In the case of common carriers, if an application for approval and a business plan are submitted to the MSIP, the MSIP will notify the applicant carrier of the results of the application and conditions for implementation within 60 days (in the case of providing services after receiving a spectrum assignment, 90 days) of the date of submitting the application and, if the applicant carrier abides by the conditions for implementation, the MSIP will provide the licence.


i Internet and internet protocol regulation



Common carrier services

Telephone services

Transmission services

Telex services

Internet access services

Internet telephone services

Other services

Mobile services

Mobile services

Telecommunication circuit equipment rental services

Telecommunication circuit equipment rental services

Supplementary services

Services that do not constitute services by common carriers

Services that do not constitute services by common carriers and online service provider’s copyright-related services and services that transmit data between users using computers

Under the Telecommunications Business Act, on 20 July 2004 internet and IP-based services were changed to internet access services and included as common carrier services, and after including internet telephone services as common carrier services on 21 October 2005, on 15 December 2007, telegraphic and telephone services were combined into transmission services.

While, historically, internet and IP-based services (unlike traditional telephony) were divided into supplementary services, from 20 July 2004, they have been categorised as common carriers and, from 15 December 2007, as was the case with telegraphic and telephone services, they are categorised as transmission services.

ii Universal broadband service

Pursuant to the Framework Act on National Informatisation, the government is promoting the establishment of an integrated broadband communications network. In order to promote this network, which is a high-speed, large-capacity communications network where multimedia services converging telecommunications, broadcasting and the internet are available at any time, the MSIP and the Ministry of the Interior (MOI) may form, regulate and operate an integrated broadband research network (i.e., a communications network for testing and verifying technologies and services related to the integrated broadband communications network and for supporting related research and development) by designating an agency that will dedicate itself to such tasks.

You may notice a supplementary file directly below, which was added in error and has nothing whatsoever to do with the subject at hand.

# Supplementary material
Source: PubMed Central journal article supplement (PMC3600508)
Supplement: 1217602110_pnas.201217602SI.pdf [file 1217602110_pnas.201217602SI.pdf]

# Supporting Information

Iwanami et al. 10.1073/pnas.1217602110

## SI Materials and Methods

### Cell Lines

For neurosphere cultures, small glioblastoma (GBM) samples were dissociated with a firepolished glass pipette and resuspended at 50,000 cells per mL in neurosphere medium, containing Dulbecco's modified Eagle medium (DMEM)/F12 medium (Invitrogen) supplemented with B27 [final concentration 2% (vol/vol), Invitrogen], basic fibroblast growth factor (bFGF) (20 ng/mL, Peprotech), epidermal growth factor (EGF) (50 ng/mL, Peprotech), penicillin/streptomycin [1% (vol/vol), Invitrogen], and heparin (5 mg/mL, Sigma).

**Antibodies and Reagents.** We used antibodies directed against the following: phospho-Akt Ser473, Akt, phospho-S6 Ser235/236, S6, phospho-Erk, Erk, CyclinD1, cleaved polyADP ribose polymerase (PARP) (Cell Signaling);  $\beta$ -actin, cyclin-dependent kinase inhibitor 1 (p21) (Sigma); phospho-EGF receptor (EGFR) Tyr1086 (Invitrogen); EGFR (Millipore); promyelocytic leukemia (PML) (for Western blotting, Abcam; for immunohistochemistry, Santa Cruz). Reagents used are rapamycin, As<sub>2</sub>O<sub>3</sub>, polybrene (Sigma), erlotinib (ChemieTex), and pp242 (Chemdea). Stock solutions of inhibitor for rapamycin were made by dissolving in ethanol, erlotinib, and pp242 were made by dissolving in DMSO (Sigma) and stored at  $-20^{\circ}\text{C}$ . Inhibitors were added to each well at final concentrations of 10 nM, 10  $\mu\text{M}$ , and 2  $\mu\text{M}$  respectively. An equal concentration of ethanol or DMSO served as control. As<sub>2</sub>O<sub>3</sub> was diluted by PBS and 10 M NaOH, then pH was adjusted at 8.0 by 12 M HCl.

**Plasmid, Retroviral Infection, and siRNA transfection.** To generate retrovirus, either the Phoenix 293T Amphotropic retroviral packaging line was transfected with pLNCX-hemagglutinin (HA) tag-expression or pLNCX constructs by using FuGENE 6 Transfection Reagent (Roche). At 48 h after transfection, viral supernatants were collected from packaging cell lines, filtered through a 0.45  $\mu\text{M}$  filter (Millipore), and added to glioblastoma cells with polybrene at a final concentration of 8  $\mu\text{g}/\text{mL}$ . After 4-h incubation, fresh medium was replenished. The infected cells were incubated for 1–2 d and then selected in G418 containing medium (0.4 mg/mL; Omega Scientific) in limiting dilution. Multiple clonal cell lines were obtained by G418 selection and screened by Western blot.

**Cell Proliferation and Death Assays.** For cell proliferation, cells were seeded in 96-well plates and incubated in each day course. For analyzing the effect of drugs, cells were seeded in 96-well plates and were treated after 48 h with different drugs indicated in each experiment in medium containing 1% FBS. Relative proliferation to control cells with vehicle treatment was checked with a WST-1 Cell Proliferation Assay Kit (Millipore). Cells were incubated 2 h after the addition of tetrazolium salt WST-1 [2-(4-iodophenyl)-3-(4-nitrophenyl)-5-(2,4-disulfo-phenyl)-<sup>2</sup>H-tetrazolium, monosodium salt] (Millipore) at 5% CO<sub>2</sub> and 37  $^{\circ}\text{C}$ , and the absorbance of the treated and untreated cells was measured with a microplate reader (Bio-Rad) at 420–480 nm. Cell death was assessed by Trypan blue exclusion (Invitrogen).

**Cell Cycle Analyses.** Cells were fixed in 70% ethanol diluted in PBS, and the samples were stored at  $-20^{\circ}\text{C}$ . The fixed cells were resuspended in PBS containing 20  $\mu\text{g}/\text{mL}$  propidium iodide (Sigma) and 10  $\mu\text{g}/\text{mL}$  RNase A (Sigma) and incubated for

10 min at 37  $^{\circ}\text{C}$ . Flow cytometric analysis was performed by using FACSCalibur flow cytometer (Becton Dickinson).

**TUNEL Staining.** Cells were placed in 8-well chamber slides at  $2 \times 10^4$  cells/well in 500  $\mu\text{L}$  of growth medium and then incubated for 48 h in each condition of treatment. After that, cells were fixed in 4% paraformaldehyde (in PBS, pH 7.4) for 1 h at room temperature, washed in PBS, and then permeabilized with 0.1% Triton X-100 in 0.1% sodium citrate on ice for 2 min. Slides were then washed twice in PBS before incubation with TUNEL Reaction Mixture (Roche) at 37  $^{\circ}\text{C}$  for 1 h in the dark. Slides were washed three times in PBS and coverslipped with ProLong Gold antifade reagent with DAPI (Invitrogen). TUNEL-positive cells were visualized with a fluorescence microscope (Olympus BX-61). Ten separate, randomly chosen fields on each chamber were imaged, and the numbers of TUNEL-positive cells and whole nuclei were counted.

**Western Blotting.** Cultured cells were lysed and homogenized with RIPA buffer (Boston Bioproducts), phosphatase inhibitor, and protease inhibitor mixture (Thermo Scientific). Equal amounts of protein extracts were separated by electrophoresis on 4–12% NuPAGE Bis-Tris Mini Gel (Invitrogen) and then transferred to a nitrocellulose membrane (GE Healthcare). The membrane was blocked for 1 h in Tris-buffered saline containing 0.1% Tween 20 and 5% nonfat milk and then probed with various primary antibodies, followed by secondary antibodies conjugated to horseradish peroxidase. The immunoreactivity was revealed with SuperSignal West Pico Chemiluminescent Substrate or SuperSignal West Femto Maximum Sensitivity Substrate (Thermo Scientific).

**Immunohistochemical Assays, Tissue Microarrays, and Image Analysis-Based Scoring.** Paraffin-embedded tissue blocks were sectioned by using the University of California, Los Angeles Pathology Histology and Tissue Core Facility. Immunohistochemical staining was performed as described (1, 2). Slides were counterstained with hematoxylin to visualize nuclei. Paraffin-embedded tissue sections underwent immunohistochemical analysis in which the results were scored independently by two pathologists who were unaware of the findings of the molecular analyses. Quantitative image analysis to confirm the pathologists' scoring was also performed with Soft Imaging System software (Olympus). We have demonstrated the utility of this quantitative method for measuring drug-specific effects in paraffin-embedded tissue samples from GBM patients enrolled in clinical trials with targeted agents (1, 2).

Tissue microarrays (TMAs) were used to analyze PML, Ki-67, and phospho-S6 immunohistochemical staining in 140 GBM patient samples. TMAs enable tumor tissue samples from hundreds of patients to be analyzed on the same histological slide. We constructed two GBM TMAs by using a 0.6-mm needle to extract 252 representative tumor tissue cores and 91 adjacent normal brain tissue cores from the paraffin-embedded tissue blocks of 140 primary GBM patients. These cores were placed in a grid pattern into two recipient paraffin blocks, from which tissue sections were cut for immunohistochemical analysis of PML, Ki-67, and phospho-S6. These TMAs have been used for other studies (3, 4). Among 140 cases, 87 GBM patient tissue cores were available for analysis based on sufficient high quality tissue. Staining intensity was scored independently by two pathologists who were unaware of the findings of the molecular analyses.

When the MSIP and the MOI designate an exclusive agency to form, regulate and operate an advanced research network, the government may provide funding to such agency for costs associated with the research and development of an integrated broadband communications network.

iii Restrictions on the provision of service

The cost for the use of telecommunications and internet services is paid by the end-user. However, in the case of the disabled and lower-income brackets, reductions in the cost would be allowed. The MSIP is the competent government authority that regulates the terms and conditions of such services agreed between the end-user and the service provider. The Telecommunications Business Act, as amended on 27 January 2016, prohibits telecommunications service providers from falsely notifying or describing, or failing to notify or describe, material terms and conditions of the services such as charges and discounts. Non-compliance with corrective orders issued by the MSIP is subject to enforcement fines.

Currently, network operators treat all traffic that is transmitted on their network equally without considering the content, type, service, type of terminal, or sender or recipient of such traffic. However, there are arguments that a ‘network usage fee’ should be imposed upon internet content providers that cause heavy traffic, such as through mobile messenger services or internet phone services. While common carrier service providers are of the position that a network usage fee should be imposed, internet content providers take the opposite position. Generally, with respect to the contents that are transmitted through the network of a network operator, in principle, such operator does not interfere, monitor or control such contents. However, as an exception, with respect to obscene and harmful contents to minors, the relevant law is interpreted as requiring the ISP to monitor such content.

iv Security

The Framework Act on Telecommunications provides for sanctions for persons who have publicly made a false communication over telecommunication equipment.